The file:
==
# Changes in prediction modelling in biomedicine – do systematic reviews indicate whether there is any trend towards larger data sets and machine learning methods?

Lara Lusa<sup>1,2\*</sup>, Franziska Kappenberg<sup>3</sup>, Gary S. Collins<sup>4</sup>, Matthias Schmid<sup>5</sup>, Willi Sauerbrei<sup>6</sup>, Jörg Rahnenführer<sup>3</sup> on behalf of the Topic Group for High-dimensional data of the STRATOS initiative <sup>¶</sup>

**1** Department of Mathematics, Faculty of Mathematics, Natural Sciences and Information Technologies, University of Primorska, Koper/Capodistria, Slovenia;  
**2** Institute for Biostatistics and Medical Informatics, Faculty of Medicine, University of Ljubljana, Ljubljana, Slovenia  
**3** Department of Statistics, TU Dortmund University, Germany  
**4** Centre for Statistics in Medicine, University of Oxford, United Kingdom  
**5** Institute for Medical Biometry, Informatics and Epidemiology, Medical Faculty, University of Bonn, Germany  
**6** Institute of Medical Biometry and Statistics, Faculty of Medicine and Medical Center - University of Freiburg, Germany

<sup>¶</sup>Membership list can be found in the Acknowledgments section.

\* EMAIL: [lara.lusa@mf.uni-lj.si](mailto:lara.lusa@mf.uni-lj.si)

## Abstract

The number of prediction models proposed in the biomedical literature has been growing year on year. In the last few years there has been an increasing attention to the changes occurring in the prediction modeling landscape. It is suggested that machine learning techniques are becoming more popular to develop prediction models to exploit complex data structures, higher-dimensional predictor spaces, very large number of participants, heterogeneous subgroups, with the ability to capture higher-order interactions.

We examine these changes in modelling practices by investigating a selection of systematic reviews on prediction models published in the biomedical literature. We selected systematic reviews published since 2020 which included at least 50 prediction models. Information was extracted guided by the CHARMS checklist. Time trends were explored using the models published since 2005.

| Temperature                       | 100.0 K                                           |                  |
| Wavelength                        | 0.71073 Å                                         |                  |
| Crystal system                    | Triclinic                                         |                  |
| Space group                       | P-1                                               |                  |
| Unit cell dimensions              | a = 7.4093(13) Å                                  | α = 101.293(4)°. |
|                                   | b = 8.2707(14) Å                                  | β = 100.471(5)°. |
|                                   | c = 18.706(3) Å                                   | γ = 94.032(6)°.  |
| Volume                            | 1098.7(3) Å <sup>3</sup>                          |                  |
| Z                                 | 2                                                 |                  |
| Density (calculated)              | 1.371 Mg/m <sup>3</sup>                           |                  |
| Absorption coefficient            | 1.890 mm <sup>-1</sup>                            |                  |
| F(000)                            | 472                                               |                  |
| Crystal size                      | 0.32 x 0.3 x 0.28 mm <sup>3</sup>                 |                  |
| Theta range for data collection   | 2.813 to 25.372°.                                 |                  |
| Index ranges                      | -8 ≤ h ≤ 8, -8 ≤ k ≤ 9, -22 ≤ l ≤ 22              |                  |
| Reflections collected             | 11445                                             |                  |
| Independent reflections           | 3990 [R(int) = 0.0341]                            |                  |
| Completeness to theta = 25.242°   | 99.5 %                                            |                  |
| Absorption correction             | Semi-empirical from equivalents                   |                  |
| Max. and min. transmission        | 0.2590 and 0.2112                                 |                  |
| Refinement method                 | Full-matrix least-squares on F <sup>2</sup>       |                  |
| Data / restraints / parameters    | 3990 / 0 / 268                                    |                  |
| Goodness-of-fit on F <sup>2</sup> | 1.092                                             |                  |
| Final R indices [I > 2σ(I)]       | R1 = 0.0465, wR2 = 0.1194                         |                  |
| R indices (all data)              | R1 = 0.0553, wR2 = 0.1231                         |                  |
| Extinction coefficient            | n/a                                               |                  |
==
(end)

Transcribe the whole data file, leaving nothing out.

# Changes in prediction modelling in biomedicine – do systematic reviews indicate whether there is any trend towards larger data sets and machine learning methods?

Lara Lusa<sup>1,2\*</sup>, Franziska Kappenberg<sup>3</sup>, Gary S. Collins<sup>4</sup>, Matthias Schmid<sup>5</sup>, Willi Sauerbrei<sup>6</sup>, Jörg Rahnenführer<sup>3</sup> on behalf of the Topic Group for High-dimensional data of the STRATOS initiative <sup>¶</sup>

**1** Department of Mathematics, Faculty of Mathematics, Natural Sciences and Information Technologies, University of Primorska, Koper/Capodistria, Slovenia;  
**2** Institute for Biostatistics and Medical Informatics, Faculty of Medicine, University of Ljubljana, Ljubljana, Slovenia  
**3** Department of Statistics, TU Dortmund University, Germany  
**4** Centre for Statistics in Medicine, University of Oxford, United Kingdom  
**5** Institute for Medical Biometry, Informatics and Epidemiology, Medical Faculty, University of Bonn, Germany  
**6** Institute of Medical Biometry and Statistics, Faculty of Medicine and Medical Center - University of Freiburg, Germany

<sup>¶</sup>Membership list can be found in the Acknowledgments section.

\* EMAIL: [lara.lusa@mf.uni-lj.si](mailto:lara.lusa@mf.uni-lj.si)

## Abstract

The number of prediction models proposed in the biomedical literature has been growing year on year. In the last few years there has been an increasing attention to the changes occurring in the prediction modeling landscape. It is suggested that machine learning techniques are becoming more popular to develop prediction models to exploit complex data structures, higher-dimensional predictor spaces, very large number of participants, heterogeneous subgroups, with the ability to capture higher-order interactions.

We examine these changes in modelling practices by investigating a selection of systematic reviews on prediction models published in the biomedical literature. We selected systematic reviews published since 2020 which included at least 50 prediction models. Information was extracted guided by the CHARMS checklist. Time trends were explored using the models published since 2005.

| Temperature                       | 100.0 K                                           |                  |
| Wavelength                        | 0.71073 Å                                         |                  |
| Crystal system                    | Triclinic                                         |                  |
| Space group                       | P-1                                               |                  |
| Unit cell dimensions              | a = 7.4093(13) Å                                  | α = 101.293(4)°. |
|                                   | b = 8.2707(14) Å                                  | β = 100.471(5)°. |
|                                   | c = 18.706(3) Å                                   | γ = 94.032(6)°.  |
| Volume                            | 1098.7(3) Å <sup>3</sup>                          |                  |
| Z                                 | 2                                                 |                  |
| Density (calculated)              | 1.371 Mg/m <sup>3</sup>                           |                  |
| Absorption coefficient            | 1.890 mm <sup>-1</sup>                            |                  |
| F(000)                            | 472                                               |                  |
| Crystal size                      | 0.32 x 0.3 x 0.28 mm <sup>3</sup>                 |                  |
| Theta range for data collection   | 2.813 to 25.372°.                                 |                  |
| Index ranges                      | -8 ≤ h ≤ 8, -8 ≤ k ≤ 9, -22 ≤ l ≤ 22              |                  |
| Reflections collected             | 11445                                             |                  |
| Independent reflections           | 3990 [R(int) = 0.0341]                            |                  |
| Completeness to theta = 25.242°   | 99.5 %                                            |                  |
| Absorption correction             | Semi-empirical from equivalents                   |                  |
| Max. and min. transmission        | 0.2590 and 0.2112                                 |                  |
| Refinement method                 | Full-matrix least-squares on F <sup>2</sup>       |                  |
| Data / restraints / parameters    | 3990 / 0 / 268                                    |                  |
| Goodness-of-fit on F <sup>2</sup> | 1.092                                             |                  |
| Final R indices [I > 2σ(I)]       | R1 = 0.0465, wR2 = 0.1194                         |                  |
| R indices (all data)              | R1 = 0.0553, wR2 = 0.1231                         |                  |
| Extinction coefficient            | n/a                                               |                  |